The interest in non-dairy milks has sky rocketed. This is for a variety of reasons. Choosing the best milk or plant-based milk can be challenging, with the wide variety of options on the market. While all types of milk are equivalent when it comes to calcium and vitamin D, let me help you compare their nutritional content and outline their respective controversies.
Health Benefits: The unsweetened varieties can be very low in calories, at about 40 calories per cup. Almond milk is also lactose free.
Health Drawbacks: Almond milk contains fewer nutrients than the actual nuts themselves. Almond milk is a poor protein source, at only 1 gram per cup. Sweetened almond milk can be high in sugar.
Controversy: There is some concern regarding the impact almonds have on the environment, as they are a water-intensive crop. In particular, they put a heavy demand on drought-stricken California, where 80% of the world’s almonds are grown. That being said, dairy milk has a greater resource and environment impact compared to almond milk.
Price: $2.77/32 oz*
Health Benefits: The type of fat in coconut milk may have benefits. The saturated fat it contains is a blend of medium-chain fatty acids that, compared to long-chain fatty acids, are stored less in fat tissue, and may increase calorie-burning. Coconut milk is lactose free.
Health Drawbacks: Coconut milk is low is protein, at around 1 g per cup and can be high in calories.
Controversy: Some are cautious of the fat in coconut milk, as it may undesirably increase bad LDL cholesterol. However, it also tends to desirably increase good HDL cholesterol. Research to date doesn’t appear to link coconut milk to actual heart disease risk.
Price: $2.77/32 oz*
Health Benefits: Soy milk is a complete protein source and it contains a good 7 grams per cup. Soy milk also contains alpha-linolenic acid (ALA), an omega-3 fatty acid which linked to heart and brain health. Soy milk is lactose free.
Health Drawbacks: Some brands pack up to 160 calories per cup due to the added sugar. Look for unsweetened or original versions.
Controversy: The natural active compounds in soybeans are called isoflavones, which are similar in structure to the hormone estrogen. However, the current consensus among health experts who study soy is that breast cancer survivors can safely eat these foods. Some studies suggest soy is protective against breast cancer recurrence.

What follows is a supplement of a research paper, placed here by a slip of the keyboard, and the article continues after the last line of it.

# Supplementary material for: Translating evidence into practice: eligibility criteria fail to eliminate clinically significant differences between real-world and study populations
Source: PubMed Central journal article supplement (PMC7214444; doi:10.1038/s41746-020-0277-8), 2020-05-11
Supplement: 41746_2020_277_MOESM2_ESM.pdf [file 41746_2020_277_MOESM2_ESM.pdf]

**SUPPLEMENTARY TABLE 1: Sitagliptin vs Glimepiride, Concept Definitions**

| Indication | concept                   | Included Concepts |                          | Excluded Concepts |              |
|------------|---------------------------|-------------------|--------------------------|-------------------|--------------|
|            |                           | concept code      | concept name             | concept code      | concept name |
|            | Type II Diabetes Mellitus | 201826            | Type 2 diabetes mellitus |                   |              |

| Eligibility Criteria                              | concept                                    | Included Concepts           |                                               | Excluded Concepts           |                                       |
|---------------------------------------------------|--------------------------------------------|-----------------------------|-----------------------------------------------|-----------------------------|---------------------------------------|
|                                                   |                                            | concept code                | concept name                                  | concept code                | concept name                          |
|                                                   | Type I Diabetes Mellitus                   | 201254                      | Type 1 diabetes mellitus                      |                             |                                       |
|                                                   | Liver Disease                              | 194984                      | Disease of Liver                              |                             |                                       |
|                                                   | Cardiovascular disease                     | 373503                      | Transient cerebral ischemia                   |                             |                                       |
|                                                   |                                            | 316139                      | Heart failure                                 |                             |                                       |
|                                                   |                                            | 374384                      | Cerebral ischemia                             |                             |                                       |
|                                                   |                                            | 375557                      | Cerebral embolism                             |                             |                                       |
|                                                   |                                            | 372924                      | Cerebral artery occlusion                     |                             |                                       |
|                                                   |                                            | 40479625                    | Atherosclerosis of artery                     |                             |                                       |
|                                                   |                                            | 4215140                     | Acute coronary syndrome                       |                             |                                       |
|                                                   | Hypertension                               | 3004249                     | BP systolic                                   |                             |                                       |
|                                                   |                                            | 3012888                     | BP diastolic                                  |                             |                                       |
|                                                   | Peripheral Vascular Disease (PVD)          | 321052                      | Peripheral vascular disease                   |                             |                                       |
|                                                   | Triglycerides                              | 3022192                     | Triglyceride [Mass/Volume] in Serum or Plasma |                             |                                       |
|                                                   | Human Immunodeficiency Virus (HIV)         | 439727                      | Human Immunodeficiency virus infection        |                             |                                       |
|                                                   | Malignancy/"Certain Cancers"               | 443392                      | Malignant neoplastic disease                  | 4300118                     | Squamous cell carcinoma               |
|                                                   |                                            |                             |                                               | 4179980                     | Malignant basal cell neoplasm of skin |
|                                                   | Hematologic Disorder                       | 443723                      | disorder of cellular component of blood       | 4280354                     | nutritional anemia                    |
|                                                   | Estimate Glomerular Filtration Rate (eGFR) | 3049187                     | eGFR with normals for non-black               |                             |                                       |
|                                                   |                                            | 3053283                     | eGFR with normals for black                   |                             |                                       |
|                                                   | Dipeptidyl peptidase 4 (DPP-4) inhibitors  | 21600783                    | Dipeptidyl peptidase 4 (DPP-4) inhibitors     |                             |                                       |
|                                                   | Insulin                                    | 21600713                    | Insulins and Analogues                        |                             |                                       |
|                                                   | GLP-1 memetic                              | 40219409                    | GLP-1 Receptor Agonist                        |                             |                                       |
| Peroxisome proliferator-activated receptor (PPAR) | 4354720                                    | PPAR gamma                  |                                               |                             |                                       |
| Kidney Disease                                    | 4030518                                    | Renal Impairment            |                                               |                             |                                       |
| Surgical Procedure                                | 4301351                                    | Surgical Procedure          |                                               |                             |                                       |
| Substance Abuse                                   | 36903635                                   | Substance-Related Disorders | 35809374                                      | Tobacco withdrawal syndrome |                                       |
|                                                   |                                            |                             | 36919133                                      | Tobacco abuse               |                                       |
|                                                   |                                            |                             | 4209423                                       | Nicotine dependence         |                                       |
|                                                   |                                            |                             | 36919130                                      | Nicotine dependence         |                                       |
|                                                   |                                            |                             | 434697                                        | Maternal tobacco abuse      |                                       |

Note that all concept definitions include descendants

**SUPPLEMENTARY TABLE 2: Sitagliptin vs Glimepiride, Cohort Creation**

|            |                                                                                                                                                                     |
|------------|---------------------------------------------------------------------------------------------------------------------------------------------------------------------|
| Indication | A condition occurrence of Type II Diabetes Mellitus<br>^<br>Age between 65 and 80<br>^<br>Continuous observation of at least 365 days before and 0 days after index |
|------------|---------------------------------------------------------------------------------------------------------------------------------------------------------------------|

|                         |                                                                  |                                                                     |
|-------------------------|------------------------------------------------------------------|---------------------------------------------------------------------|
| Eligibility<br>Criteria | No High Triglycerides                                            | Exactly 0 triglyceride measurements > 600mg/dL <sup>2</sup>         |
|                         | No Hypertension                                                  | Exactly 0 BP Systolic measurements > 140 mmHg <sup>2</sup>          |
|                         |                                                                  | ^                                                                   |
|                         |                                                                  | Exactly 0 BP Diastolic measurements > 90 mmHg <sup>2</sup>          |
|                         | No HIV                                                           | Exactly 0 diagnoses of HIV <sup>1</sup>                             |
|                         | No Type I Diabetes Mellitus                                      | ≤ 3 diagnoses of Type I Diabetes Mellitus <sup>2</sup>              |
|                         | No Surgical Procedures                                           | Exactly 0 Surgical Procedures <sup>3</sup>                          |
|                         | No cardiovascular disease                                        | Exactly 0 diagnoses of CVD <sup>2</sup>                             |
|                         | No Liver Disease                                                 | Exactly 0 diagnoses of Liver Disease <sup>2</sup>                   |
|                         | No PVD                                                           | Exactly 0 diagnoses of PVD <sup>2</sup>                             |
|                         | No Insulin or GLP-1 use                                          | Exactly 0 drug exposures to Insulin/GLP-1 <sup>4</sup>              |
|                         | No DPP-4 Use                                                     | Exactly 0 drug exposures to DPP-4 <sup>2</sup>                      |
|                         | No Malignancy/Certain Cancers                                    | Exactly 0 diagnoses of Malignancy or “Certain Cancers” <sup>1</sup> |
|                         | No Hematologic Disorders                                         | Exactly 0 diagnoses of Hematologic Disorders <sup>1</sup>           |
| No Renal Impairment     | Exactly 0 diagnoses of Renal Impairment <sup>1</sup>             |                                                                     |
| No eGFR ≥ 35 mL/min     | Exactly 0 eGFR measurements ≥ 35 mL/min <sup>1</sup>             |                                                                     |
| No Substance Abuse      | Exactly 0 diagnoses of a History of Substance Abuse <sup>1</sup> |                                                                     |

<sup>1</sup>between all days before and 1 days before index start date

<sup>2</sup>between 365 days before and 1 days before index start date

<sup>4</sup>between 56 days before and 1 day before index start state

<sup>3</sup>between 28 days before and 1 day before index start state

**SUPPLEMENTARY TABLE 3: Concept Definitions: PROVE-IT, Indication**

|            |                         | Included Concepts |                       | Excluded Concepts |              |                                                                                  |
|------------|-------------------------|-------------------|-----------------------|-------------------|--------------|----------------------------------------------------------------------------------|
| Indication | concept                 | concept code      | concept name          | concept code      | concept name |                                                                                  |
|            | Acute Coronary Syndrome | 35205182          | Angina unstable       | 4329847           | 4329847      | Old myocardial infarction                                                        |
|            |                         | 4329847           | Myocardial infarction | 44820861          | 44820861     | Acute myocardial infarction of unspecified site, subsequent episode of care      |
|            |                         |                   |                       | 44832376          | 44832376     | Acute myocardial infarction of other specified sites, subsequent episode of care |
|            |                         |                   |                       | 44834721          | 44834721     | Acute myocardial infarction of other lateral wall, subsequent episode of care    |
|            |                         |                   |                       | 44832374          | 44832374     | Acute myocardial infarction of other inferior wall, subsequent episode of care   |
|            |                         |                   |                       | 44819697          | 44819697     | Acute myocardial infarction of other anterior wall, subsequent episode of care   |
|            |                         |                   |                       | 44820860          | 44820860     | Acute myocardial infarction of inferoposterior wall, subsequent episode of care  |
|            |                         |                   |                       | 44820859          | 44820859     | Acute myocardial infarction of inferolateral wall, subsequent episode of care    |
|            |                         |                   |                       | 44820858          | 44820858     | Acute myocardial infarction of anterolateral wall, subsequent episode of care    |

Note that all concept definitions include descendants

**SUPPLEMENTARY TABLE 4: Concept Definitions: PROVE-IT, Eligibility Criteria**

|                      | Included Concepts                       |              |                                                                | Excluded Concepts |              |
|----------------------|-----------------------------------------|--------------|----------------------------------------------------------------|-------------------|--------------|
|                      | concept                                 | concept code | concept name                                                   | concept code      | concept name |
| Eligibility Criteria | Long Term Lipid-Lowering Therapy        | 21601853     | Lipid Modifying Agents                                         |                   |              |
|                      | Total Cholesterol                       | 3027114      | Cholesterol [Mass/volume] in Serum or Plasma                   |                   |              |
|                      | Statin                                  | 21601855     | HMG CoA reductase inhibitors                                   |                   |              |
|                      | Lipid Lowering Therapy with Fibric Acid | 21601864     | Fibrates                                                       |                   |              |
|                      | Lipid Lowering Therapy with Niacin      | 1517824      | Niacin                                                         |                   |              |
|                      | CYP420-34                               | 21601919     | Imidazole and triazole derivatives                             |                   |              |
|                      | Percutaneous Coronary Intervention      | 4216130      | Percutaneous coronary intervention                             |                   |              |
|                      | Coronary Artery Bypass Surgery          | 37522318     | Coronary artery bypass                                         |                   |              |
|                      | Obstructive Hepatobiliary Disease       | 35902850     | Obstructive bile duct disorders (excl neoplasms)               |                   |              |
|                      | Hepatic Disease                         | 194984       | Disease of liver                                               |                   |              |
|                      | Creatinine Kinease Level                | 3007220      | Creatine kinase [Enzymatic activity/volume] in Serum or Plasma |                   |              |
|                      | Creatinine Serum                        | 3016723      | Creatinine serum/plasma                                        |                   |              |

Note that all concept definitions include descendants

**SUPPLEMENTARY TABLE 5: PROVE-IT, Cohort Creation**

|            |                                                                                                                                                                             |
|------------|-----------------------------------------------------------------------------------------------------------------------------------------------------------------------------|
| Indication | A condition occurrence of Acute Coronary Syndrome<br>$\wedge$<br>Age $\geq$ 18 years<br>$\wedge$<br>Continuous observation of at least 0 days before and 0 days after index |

Price: $2.67/ 32 oz
Health Benefits: The unsweetened varieties of rice milk can be very low in calories (40 calories per cup). It is an option for people who have allergies to almond or soy milk. Rice milk is also lactose free.
Health Drawbacks: Rice milk has a higher amount of carbohydrates compared to other milks and contains almost no protein.
Controversy: There are concerns regarding arsenic exposure in rice products, as rice takes up arsenic from the soil more readily then other grains do. Arsenic is a human carcinogen.
Price: $2.77/ 32 oz
Health Benefits: Hemp milk contains both omega 3 and omega 6 fatty acids, which is supplied by alpha-linolenic acid. It is also lactose free.
Health Drawbacks: Although it contains about the same amount of calories as soy milk, is has about half the amount of protein, at 4 grams per cup.
Controversy: There are legal challenges for farmers of hemp seed, although hemp seed itself contains no THC.
$2.77/ 32 oz
Health Benefits: In terms of protein, cow’s milk is the best choice, at 8 grams per cup. The combination of the casein and whey protein it contains is highly effective in repairing muscle damage.
Health Drawbacks: Cow’s milk contains lactose, a naturally occurring sugar which may cause GI upset in some people.
Controversy: There is a perception of growth hormones and antibiotics being present in cow’s milk, however in Canada, dairy cows are not given bovine growth hormones and both organic and non-organic milk meets strict government standards. There is also a large impact on the environment with the dairy industry, a cows releasing methane gas, contributing greatly to greenhouse gas emissions.
Price: $2.33/ 32 oz
*prices in effect on November 1st 2015 at Walmart Supercentres in Ontario